Table of Contents for the Digital Edition of Education Week - September 19, 2012

Education Week - September 19, 2012
Table of Contents
News in Brief
Report Roundup
Low Proficiency Seen on Computer-Based NAEP Writing Exam
Global Study Finds U.S. Trailing In Early-Childhood Education
Scholars and Educators Team Up For the Long Haul
Focus On: School Turnaround
Virtual Ed. Providers Work to Influence State Policy in Maine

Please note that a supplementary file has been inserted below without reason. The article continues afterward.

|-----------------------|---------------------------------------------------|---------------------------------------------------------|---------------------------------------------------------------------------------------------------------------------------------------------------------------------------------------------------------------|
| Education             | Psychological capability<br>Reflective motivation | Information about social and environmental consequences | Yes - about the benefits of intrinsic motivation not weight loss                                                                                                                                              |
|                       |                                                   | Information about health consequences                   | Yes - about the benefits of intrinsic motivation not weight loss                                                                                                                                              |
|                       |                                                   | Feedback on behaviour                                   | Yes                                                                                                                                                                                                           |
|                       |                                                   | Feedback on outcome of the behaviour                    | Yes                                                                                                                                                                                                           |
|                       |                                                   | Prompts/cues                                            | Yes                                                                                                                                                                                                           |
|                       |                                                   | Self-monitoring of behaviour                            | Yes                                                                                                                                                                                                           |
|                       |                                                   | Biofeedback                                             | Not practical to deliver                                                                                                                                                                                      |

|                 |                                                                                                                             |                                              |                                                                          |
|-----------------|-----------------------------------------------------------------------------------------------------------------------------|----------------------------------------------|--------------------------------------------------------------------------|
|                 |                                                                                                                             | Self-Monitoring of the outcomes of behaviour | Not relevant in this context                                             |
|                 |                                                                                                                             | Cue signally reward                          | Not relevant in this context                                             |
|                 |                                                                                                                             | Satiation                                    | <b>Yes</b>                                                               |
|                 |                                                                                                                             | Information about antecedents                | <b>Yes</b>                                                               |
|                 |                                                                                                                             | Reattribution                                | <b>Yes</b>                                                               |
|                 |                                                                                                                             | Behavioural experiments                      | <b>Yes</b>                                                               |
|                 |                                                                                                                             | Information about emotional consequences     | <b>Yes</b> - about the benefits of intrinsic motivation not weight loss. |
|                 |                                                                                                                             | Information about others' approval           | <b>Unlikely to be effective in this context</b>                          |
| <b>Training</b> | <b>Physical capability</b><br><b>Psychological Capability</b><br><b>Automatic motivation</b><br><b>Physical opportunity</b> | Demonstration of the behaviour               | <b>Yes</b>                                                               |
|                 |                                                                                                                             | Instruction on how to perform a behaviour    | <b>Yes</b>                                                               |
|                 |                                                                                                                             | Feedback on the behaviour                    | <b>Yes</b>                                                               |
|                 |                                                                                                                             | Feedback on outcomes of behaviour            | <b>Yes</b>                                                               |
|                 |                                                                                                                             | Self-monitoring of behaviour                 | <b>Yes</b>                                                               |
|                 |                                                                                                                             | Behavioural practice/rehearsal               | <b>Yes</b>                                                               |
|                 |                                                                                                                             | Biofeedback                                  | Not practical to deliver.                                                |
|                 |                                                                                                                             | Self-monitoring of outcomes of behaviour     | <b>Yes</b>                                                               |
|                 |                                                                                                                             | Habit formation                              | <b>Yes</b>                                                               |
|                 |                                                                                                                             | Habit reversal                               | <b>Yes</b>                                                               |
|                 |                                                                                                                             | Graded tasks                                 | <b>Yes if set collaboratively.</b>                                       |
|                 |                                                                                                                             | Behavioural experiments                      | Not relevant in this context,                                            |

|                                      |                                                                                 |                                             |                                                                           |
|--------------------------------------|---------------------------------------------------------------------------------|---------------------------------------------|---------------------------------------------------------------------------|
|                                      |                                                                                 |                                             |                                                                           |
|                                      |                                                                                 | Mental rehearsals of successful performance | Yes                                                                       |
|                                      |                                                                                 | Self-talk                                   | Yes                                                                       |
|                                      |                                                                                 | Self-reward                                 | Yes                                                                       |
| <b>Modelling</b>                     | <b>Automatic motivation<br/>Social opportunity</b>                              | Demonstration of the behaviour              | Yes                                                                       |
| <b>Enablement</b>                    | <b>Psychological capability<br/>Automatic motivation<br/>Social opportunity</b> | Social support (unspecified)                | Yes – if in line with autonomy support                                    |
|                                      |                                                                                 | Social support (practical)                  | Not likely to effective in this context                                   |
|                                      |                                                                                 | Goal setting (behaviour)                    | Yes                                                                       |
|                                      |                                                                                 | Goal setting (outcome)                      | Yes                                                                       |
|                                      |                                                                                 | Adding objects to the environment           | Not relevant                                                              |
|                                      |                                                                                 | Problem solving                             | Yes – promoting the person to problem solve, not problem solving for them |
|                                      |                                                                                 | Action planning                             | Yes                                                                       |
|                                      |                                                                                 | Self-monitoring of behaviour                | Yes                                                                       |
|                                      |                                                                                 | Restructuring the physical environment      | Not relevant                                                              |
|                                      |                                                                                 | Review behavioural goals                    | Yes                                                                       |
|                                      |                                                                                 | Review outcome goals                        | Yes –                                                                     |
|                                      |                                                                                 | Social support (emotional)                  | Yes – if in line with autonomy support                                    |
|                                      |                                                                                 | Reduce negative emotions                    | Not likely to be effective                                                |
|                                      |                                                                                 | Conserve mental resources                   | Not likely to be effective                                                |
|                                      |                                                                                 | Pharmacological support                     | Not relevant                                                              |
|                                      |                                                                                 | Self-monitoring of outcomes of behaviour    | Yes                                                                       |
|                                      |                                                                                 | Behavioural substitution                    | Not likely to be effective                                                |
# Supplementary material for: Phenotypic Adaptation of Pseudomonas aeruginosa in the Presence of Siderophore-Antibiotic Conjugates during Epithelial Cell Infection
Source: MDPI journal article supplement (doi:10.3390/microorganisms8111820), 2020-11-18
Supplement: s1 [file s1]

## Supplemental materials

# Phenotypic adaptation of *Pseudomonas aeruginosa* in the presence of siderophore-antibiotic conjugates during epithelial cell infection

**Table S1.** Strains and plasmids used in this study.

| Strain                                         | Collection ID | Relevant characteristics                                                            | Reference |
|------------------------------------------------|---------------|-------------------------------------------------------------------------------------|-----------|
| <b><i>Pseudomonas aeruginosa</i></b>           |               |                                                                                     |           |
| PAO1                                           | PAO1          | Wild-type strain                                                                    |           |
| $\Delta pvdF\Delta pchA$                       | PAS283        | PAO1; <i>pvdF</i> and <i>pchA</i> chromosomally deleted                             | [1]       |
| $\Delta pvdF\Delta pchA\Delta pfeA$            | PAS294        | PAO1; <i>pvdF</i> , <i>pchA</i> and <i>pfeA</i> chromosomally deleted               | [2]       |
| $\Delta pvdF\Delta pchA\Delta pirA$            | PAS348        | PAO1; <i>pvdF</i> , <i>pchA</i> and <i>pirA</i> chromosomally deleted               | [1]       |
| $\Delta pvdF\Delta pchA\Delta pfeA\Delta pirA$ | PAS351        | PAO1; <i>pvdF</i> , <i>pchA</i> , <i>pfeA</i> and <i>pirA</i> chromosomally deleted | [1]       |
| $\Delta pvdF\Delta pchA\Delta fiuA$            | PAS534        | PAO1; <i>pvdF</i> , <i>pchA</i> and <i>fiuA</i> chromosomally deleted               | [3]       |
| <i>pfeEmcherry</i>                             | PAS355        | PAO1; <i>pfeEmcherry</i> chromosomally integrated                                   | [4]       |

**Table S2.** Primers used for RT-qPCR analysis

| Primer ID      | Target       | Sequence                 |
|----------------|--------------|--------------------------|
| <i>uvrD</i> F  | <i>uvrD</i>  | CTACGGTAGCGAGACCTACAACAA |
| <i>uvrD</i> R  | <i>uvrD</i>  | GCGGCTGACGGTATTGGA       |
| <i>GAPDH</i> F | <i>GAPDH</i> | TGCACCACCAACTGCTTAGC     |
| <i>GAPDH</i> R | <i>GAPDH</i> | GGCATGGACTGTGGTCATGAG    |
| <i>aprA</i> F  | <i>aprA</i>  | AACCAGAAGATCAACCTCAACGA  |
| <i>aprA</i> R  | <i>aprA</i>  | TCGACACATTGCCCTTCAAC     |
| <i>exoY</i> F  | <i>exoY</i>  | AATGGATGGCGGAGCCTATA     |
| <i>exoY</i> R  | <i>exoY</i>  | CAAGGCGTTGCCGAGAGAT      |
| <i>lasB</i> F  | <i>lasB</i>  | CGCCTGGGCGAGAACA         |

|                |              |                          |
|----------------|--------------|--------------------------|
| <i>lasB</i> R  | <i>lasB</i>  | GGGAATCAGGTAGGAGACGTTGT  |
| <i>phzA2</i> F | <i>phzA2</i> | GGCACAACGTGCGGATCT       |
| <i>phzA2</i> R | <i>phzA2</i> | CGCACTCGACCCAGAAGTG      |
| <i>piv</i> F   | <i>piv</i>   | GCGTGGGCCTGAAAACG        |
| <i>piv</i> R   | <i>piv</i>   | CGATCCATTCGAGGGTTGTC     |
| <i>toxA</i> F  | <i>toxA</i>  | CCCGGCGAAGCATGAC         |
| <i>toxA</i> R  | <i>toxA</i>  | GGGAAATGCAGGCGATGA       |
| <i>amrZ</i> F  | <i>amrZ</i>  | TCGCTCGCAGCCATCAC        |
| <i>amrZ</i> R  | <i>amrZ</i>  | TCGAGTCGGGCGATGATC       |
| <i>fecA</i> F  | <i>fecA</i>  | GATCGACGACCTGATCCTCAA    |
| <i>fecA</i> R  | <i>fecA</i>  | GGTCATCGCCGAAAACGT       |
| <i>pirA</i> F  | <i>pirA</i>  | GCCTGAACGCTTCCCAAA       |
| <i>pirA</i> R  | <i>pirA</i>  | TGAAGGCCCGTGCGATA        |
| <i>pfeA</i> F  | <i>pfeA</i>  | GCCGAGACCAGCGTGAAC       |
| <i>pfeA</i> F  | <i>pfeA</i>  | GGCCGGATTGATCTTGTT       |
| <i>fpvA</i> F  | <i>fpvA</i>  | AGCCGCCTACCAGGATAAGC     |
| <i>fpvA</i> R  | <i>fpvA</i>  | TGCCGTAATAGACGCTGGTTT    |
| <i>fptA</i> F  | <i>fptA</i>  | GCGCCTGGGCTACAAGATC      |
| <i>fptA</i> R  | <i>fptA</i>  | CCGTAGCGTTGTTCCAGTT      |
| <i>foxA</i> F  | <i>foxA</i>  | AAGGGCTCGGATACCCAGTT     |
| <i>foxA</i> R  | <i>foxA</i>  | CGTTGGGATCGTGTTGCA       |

Blogs of the Week
In Designated Schools, Children Play Waiting Games
Chicago Dispute Puts Spotlight On Teacher Evaluation
Race to Top Winners Plug Away At Promises
Chiefs’ Vacancies Offer Prospect Of Policy Shifts
Policy Brief
Learning From Success
Using National Service To Ignite School Turnaround Efforts
You Don’t Know Me
Letters
TopSchool Jobs Recruitment Marketplace
Schooling Beyond Measure

Education Week - September 19, 2012